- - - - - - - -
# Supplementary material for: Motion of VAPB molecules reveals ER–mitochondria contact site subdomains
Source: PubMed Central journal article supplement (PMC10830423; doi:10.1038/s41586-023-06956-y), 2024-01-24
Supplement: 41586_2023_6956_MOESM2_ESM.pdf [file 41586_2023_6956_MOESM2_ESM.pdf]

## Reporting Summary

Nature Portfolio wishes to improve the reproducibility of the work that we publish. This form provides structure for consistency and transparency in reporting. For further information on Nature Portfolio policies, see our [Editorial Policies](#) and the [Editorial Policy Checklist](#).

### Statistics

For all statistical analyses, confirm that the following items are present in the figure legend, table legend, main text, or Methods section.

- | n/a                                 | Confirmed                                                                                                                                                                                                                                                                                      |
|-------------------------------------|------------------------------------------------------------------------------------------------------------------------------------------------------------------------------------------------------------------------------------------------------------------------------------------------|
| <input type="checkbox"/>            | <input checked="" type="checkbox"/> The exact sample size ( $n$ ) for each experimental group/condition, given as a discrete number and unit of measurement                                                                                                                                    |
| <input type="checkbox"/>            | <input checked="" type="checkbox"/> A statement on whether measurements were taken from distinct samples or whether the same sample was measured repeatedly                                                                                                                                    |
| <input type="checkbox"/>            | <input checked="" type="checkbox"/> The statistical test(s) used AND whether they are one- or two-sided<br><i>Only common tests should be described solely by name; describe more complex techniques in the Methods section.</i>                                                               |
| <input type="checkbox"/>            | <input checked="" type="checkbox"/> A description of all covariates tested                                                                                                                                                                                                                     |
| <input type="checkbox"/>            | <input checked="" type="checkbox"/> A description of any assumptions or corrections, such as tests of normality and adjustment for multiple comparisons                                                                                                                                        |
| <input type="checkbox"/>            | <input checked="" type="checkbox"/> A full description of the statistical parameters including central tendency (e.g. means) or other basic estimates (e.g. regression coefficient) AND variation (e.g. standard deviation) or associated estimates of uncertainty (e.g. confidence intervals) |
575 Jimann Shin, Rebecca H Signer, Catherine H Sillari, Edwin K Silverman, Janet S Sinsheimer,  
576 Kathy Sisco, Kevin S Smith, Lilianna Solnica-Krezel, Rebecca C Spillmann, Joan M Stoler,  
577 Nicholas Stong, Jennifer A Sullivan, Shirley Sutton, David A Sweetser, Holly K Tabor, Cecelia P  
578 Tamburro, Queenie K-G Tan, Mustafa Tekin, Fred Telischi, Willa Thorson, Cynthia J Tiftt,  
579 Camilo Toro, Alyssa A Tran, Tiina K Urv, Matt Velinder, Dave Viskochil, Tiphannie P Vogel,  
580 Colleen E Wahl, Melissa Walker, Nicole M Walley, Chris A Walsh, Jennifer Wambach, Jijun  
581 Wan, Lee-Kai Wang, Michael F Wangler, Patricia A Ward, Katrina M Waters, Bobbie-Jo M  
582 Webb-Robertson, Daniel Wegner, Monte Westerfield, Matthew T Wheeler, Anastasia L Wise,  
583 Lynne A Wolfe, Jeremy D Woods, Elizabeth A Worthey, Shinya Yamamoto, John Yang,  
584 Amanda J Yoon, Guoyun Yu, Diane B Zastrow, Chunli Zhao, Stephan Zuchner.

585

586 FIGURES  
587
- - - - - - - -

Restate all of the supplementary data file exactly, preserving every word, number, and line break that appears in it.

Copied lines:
# Supplementary material for: Motion of VAPB molecules reveals ER–mitochondria contact site subdomains
Source: PubMed Central journal article supplement (PMC10830423; doi:10.1038/s41586-023-06956-y), 2024-01-24
Supplement: 41586_2023_6956_MOESM2_ESM.pdf [file 41586_2023_6956_MOESM2_ESM.pdf]

## Reporting Summary

Nature Portfolio wishes to improve the reproducibility of the work that we publish. This form provides structure for consistency and transparency in reporting. For further information on Nature Portfolio policies, see our [Editorial Policies](#) and the [Editorial Policy Checklist](#).

### Statistics

For all statistical analyses, confirm that the following items are present in the figure legend, table legend, main text, or Methods section.

- | n/a                                 | Confirmed                                                                                                                                                                                                                                                                                      |
|-------------------------------------|------------------------------------------------------------------------------------------------------------------------------------------------------------------------------------------------------------------------------------------------------------------------------------------------|
| <input type="checkbox"/>            | <input checked="" type="checkbox"/> The exact sample size ( $n$ ) for each experimental group/condition, given as a discrete number and unit of measurement                                                                                                                                    |
| <input type="checkbox"/>            | <input checked="" type="checkbox"/> A statement on whether measurements were taken from distinct samples or whether the same sample was measured repeatedly                                                                                                                                    |
| <input type="checkbox"/>            | <input checked="" type="checkbox"/> The statistical test(s) used AND whether they are one- or two-sided<br><i>Only common tests should be described solely by name; describe more complex techniques in the Methods section.</i>                                                               |
| <input type="checkbox"/>            | <input checked="" type="checkbox"/> A description of all covariates tested                                                                                                                                                                                                                     |
| <input type="checkbox"/>            | <input checked="" type="checkbox"/> A description of any assumptions or corrections, such as tests of normality and adjustment for multiple comparisons                                                                                                                                        |
| <input type="checkbox"/>            | <input checked="" type="checkbox"/> A full description of the statistical parameters including central tendency (e.g. means) or other basic estimates (e.g. regression coefficient) AND variation (e.g. standard deviation) or associated estimates of uncertainty (e.g. confidence intervals) |
575 Jimann Shin, Rebecca H Signer, Catherine H Sillari, Edwin K Silverman, Janet S Sinsheimer,  
576 Kathy Sisco, Kevin S Smith, Lilianna Solnica-Krezel, Rebecca C Spillmann, Joan M Stoler,  
577 Nicholas Stong, Jennifer A Sullivan, Shirley Sutton, David A Sweetser, Holly K Tabor, Cecelia P  
578 Tamburro, Queenie K-G Tan, Mustafa Tekin, Fred Telischi, Willa Thorson, Cynthia J Tiftt,  
579 Camilo Toro, Alyssa A Tran, Tiina K Urv, Matt Velinder, Dave Viskochil, Tiphannie P Vogel,  
580 Colleen E Wahl, Melissa Walker, Nicole M Walley, Chris A Walsh, Jennifer Wambach, Jijun  
581 Wan, Lee-Kai Wang, Michael F Wangler, Patricia A Ward, Katrina M Waters, Bobbie-Jo M  
582 Webb-Robertson, Daniel Wegner, Monte Westerfield, Matthew T Wheeler, Anastasia L Wise,  
583 Lynne A Wolfe, Jeremy D Woods, Elizabeth A Worthey, Shinya Yamamoto, John Yang,  
584 Amanda J Yoon, Guoyun Yu, Diane B Zastrow, Chunli Zhao, Stephan Zuchner.

585

586 FIGURES  
587